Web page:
martedì 24 dicembre 2013

12 Years a Slave

When I thought about a perfect Xmas movie to write about today in my blog, I unexpectedly thought about the new Steve McQueen film, 12 Years a Slave
I had the chance to see its avant-première a couple of weeks ago in a Paris cinema and I was eager to share my feelings about it with my readers.
Nobody else, I guess, would consider it a good movie for the Xmas time, but I do.

I am fed up with Xmas stories and fairy tales, I’d rather prefer to talk about an awful, tragic, real story: maybe it is not a bad idea to face the inhumanity of human beings on Xmas day! 
Solomon Northup (Chiwetel Ejiofor)
Steve Mcqueen, a British film-maker, is famous for his tough movies. From the story of Bobby Sands, the IRA revolutionary who starved himself to death (Hunger), to the story of Brandon, a NY sex addict (Shame), McQueen is not exactly the entertaining movies kind-of-guy. And I sincerely love him for that. For his third movie, he decided to go even “closer to the bone” relating the true story of Solomon Northup (the film is based upon Northup’s autobiography, having the same title). 
Northup, in 1840, was a free black man living with his family not far away from New York. A fine violin player, a well respected man in his community. One day, he accepts the job offer of two gentlemen, not knowing that the offer hides the most dreadful humbug: he has been sold as slave and sent to the Southern states to work in cotton plantations. The shock, for this cultivated man, is unspeakable. For 12 long years he will be obliged to work in the worst human conditions and be subject to the cruellest physical and mental punishments by his owners. When the hope is almost lost, Northup has the chance – unlike so many other slaves – to get back to freedom and write about his uncommon story...  
Northup (Ejiofor) and Epps (Fassbender)
If your reference in movies about slavery is Gone with the wind or The Colour Purple, well, forget about them, but if you want to know what really meant to be a black slave in the United States of America around 1840, well, this is the right movie for you. As it was the case for his previous films, McQueen is not here to gild the pill. Slavery is a shameful stain on American history, and it will always be. No matter what. This a story of rage, of survival, of dignity. McQueen shows it with his particular way of filming: very rigorous plans, scarce music, no useless scene, no-frills. He goes to the core of the story, straight away, without even giving you a chance to escape. Furthermore, this is not, at all, a heroic kind of movie. Northup is not better than any other slave. He is just more cultivated than they are. Which is a minus, not a plus, in a situation like this. The less you know, the less you feel, the better it will be for you. Northup is speechless, as we are, witnessing the misery, the cruelty, the non-sense of the whole situation. He is not brave, he is barely able to survive, keeping a feeble hope to go back to life and human condition.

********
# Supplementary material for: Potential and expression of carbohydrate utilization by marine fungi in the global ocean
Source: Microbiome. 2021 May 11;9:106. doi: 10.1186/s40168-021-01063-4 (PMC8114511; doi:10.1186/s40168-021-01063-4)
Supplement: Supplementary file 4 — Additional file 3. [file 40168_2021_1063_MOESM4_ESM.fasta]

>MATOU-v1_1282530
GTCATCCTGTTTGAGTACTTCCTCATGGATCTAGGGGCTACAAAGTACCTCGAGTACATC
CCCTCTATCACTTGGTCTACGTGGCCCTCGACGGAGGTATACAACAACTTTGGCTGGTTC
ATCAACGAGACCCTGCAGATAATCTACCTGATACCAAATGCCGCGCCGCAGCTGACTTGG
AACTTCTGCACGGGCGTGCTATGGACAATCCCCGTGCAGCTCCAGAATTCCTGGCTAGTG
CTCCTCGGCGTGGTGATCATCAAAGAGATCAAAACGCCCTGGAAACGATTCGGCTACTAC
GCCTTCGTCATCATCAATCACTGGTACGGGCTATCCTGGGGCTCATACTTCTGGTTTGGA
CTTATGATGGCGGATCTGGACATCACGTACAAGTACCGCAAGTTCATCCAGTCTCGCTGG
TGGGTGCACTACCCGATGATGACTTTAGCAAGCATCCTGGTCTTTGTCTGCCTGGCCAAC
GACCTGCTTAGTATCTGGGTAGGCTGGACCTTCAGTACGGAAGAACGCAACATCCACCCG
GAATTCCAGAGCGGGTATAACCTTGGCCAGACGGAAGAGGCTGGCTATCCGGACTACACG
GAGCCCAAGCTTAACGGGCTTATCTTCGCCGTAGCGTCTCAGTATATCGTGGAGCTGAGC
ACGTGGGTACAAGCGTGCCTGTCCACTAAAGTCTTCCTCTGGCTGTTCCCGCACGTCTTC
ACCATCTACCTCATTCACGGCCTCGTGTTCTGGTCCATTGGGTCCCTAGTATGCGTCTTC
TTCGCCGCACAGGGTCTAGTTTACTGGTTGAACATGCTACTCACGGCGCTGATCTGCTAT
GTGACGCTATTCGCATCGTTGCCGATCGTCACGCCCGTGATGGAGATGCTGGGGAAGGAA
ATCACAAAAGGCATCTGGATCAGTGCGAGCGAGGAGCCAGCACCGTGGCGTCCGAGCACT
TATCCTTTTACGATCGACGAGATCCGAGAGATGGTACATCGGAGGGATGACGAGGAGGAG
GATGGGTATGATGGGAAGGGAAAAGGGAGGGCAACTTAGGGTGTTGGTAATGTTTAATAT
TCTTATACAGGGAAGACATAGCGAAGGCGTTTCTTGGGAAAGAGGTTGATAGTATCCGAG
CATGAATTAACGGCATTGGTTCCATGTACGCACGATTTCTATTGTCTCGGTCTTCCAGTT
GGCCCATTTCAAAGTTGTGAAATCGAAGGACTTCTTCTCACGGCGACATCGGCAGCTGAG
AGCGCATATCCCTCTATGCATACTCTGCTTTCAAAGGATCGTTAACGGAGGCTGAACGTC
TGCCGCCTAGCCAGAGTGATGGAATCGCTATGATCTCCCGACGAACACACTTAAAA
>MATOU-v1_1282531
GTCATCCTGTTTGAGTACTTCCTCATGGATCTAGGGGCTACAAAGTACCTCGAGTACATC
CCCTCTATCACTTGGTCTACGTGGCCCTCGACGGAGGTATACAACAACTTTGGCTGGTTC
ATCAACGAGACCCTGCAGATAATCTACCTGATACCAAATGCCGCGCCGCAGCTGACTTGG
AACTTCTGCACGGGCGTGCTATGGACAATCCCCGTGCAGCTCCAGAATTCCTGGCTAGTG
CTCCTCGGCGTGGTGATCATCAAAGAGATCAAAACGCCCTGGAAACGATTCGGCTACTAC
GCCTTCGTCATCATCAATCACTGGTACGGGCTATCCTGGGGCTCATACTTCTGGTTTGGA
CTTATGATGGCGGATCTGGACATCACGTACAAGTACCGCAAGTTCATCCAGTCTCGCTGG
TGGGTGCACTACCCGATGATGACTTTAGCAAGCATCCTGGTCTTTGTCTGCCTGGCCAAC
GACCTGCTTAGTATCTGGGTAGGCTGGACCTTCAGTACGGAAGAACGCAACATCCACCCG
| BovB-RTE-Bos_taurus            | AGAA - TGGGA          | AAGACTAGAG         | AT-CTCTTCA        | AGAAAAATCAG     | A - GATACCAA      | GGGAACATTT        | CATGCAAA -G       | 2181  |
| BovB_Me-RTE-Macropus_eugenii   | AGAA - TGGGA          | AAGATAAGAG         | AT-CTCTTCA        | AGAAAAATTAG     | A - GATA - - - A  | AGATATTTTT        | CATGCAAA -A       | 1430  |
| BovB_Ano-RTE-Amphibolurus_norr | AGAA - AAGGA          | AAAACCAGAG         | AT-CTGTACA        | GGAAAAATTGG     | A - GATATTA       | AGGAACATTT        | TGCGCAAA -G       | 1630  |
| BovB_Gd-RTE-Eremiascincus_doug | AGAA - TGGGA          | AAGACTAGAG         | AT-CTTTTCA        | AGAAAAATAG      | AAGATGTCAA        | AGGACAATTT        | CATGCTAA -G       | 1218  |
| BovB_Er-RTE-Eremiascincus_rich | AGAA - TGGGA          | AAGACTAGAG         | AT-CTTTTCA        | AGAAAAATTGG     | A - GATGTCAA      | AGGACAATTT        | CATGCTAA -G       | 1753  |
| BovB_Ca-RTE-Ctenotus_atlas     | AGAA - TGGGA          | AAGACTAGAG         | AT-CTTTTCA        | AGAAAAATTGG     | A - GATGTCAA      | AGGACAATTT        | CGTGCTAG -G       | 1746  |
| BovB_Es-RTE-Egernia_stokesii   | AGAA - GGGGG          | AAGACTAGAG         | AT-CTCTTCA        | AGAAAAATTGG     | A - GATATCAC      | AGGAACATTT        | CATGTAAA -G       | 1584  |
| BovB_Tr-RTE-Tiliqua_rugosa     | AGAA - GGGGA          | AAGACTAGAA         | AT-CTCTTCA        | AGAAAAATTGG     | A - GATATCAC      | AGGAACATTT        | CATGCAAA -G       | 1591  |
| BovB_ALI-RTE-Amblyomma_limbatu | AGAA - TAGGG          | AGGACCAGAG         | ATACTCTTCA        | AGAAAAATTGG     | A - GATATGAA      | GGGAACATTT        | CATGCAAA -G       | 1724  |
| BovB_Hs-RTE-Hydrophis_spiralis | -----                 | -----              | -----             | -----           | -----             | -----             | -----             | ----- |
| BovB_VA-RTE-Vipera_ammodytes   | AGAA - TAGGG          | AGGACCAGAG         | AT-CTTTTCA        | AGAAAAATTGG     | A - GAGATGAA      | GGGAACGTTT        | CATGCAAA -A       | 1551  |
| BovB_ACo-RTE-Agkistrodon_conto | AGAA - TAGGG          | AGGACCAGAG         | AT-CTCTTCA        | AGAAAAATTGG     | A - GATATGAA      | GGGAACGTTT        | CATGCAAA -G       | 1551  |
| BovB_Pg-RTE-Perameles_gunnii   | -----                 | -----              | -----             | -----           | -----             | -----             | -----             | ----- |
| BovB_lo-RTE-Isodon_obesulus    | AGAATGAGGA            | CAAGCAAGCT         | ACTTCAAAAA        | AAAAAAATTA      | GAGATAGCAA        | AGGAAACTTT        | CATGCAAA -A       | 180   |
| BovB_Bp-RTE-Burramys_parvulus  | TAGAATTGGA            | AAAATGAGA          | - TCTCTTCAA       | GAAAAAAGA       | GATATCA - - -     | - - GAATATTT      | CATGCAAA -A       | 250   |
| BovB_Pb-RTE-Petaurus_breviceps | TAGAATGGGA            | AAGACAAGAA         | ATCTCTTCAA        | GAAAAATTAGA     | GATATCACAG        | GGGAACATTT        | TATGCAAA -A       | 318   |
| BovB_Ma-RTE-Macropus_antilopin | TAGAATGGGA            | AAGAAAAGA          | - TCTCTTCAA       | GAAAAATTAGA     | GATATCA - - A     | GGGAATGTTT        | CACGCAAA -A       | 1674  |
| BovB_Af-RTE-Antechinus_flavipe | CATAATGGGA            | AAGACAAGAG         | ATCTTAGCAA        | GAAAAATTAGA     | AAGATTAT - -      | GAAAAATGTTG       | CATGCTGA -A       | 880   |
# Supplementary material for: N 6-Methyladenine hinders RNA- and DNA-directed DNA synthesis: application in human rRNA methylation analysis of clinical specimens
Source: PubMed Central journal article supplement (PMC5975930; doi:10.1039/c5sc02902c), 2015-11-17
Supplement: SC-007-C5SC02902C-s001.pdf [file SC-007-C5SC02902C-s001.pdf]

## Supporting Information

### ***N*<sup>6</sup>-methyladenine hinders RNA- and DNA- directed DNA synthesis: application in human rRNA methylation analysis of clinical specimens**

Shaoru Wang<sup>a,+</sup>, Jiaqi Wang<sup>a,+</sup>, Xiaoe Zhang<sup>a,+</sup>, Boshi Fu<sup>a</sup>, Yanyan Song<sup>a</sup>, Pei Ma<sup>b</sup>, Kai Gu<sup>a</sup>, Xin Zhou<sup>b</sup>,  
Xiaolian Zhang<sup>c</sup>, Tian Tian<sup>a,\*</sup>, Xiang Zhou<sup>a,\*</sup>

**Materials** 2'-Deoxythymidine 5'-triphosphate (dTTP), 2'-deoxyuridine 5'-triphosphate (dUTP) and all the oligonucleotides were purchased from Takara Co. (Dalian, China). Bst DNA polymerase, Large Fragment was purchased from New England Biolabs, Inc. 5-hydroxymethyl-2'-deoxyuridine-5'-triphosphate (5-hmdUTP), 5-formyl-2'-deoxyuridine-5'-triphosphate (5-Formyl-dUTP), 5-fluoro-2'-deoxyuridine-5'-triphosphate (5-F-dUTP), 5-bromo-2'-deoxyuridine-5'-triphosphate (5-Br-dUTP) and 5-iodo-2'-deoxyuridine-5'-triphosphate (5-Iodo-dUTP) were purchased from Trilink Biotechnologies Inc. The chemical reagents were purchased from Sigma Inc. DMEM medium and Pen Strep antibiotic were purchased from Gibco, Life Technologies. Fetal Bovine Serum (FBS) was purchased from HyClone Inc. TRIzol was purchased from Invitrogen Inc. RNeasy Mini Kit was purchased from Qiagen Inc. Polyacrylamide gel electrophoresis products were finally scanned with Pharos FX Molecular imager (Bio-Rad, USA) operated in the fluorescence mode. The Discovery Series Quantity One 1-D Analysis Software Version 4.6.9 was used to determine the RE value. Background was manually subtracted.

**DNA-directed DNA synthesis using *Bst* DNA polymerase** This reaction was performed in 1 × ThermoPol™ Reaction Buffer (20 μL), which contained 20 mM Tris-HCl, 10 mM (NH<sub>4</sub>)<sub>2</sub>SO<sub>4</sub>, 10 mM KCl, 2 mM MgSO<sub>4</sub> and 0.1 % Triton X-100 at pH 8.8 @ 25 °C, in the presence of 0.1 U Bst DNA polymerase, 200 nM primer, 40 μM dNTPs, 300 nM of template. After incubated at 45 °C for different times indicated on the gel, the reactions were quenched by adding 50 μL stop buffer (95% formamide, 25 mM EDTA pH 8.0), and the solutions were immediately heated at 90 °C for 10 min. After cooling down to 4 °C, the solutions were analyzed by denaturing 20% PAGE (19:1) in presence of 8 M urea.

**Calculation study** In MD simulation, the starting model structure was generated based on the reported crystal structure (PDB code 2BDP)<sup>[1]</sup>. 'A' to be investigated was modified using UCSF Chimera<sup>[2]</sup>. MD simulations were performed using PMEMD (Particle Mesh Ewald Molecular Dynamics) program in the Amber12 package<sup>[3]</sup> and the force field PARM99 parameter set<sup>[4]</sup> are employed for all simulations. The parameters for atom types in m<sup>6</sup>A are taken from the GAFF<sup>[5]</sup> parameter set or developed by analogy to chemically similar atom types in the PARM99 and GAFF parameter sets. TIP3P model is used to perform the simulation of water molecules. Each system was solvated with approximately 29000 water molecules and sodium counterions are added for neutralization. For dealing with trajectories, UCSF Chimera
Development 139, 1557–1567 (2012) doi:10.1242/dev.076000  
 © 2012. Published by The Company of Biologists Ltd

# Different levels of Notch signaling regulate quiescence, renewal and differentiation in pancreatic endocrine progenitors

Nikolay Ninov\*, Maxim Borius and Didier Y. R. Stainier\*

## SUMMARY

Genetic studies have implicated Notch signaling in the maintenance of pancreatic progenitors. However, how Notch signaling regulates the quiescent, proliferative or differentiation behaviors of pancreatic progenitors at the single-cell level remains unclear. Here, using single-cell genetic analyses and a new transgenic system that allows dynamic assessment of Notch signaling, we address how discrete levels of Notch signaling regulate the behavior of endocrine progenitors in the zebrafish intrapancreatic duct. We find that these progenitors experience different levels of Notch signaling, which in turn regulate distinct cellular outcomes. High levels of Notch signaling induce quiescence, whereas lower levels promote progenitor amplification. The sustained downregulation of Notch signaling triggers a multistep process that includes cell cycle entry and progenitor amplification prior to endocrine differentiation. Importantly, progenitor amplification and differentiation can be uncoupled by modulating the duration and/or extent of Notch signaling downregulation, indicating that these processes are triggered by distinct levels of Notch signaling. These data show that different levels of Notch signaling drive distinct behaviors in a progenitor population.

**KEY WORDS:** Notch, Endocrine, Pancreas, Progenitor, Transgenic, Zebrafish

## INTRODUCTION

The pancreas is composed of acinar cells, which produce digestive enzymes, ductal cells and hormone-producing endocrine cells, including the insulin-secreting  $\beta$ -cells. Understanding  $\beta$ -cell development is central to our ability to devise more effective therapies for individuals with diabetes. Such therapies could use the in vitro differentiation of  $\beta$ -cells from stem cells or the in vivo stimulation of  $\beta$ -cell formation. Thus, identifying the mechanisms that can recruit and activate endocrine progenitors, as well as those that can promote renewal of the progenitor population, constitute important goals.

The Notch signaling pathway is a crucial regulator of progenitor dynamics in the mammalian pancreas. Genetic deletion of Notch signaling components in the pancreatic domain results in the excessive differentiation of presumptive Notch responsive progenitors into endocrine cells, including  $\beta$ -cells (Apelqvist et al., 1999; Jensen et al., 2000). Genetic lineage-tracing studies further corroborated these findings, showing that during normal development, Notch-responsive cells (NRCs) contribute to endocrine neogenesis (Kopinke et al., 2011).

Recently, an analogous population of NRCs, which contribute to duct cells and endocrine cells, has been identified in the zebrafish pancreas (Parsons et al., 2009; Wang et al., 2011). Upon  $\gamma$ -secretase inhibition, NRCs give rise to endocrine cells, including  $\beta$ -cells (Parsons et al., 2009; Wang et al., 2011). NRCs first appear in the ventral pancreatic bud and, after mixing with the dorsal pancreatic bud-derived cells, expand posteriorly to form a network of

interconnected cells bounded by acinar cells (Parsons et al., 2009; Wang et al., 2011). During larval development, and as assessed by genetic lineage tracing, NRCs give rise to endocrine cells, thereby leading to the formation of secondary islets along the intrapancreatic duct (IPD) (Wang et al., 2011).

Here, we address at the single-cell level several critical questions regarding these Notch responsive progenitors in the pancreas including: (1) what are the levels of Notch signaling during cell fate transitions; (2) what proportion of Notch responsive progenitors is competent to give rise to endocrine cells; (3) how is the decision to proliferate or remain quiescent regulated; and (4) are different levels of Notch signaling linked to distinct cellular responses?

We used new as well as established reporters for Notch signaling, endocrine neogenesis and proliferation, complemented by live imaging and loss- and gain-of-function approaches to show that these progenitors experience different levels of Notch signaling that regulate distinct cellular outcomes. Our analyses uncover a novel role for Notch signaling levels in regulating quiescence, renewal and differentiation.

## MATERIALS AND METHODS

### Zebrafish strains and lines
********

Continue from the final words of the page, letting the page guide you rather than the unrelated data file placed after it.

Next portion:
Epps (Fassbender), Patsey (Nyong'o) and Northup (Ejiofor)
McQueen should be also complimented for the incredible cast he has been able to assemble. This is the best cast of the year: to play Solomon, he has chosen a great but underestimated (until today, I hope) British actor, Chiwetel Ejiofor, whose performance is absolutely astonishing. It could have been so easy to overdo to play this character, but Ejiofor follows the path of a perfect understatement. In the role of a female slave, the newcomer Lupita Nyong’o, an actress from Kenya, grab you heart and never let it go, becoming pretty quickly unforgettable. Also actors having minor roles here are unforgettable: Paul Giamatti as the pitiless slaves seller, Paul Dano as the awful slaves manager in one of the plantations, Benedict Cumberbatch as a more human plantations owner, and Sarah Paulson as the cruel wife of Mr. Epps, the last owner of Solomon. To play Edwin Epps, the bad, bad guy of the story, McQueen turned to his acteur-fetiche, the German-Irish actor Michael Fassbender, proven that their relationship will be remembered as the Scorsese-De Niro liaison of modern time. Fassbender, perfect Southern accent and eyes injected with the red of hanger and booze, is a strange kind of persecutor: tortured by his feelings for a black slave, he is struggling in a more human way than expected. This is what great actors manage to do: you want to hate them but in the end you feel sorry for them… 
The only feeble point in this chain of fabulous actors is, as usual, Brad Pitt: having the charisma of an artichoke, his 5 minutes on screen are simply soporific.
Bass (Brad Pitt)
The UGC Les Halles, the cinema where the avant-première was taking place, informed people buying tickets on their site that Steve McQueen would have been present to the screening. When the film was over, a couple of people arrived, announcing a “big surprise”: McQueen couldn’t make it, but the two main actors, Chiwetel Ejiofor and Lupita Nyong’o, were there. I guess that the audience was still so shaken by the movie, that seeing in flesh and blood the two actors was kind of an emotional shock. Ejiofor and Nyong’o were welcomed by a standing ovation and a long, long and big applause, and they were sincerely overwhelmed, looking at each other in disbelief.
Nyong'o and Ejiofor at the screening in UGC Les Halles, Paris - December 10
Well, I want to use this image, so simple but powerful: real feelings created by fictional scenes, to wish you a Merry Xmas, dear readers.
I hope it will be as human as possible!

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